Non-Career Senior Executive Service (NC-SES)
The SES includes most of the top managerial, supervisory, and policy positions in the executive branch. Only 10 percent of SES positions may be filled by non-career appointees. These appointees do not require Senate confirmation and may be removed from their position at any time. All SES employees, including appointees, must meet Executive Core Qualifications that are set by the Office of Personnel Management.

Schedule C Schedule C positions are the most common type of political appointment. Schedule C appointees generally serve a key official and are frequently found in the Office of the Secretary, Office of Public Affairs, or Office of Congressional Affairs. All Schedule C appointees are at the GS-15 level (pay level) or below and can be removed from their position at any time. These appointments do not require Senate confirmation.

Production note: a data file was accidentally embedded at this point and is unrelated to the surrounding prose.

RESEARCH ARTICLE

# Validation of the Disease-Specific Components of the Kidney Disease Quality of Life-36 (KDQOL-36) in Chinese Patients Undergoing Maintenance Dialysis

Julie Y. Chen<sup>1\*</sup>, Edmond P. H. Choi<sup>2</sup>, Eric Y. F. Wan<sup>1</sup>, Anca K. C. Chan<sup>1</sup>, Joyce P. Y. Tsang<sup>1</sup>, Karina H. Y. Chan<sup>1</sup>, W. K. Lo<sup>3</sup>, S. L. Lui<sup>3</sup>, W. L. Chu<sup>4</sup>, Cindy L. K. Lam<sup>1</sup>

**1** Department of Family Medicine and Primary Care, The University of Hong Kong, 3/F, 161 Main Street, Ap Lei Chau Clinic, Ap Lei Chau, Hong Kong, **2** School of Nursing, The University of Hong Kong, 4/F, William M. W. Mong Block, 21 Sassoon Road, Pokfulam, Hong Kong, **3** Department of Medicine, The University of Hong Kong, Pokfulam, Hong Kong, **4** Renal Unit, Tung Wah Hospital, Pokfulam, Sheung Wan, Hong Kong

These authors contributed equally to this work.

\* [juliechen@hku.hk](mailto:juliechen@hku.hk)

d) Not sure which path?

Research the jobs using the Plum Book!

2. Assess the likelihood that you could be considered.

a) Do You Have the Right Qualifications?

Do you have relevant government, management, or technical experience for this position?

How have your previous jobs or degrees prepared you for this position? Do you have the right subject matter expertise (e.g., housing, health care)?

Do you have the right skills for this job function (e.g.,management, contracting, finance)?

Do some research to find out how you compare to others who held the position previously.

For PAS positions, the relevancy of your experiences to the position and the strength of your network are of paramount importance. Be sure that you are inclusive and accurate in sharing all of your relevant experiences, skills, and qualifications. Furthermore, your network of supporters will be critically important in advocating for your nomination—be sure that you can count on them to help you?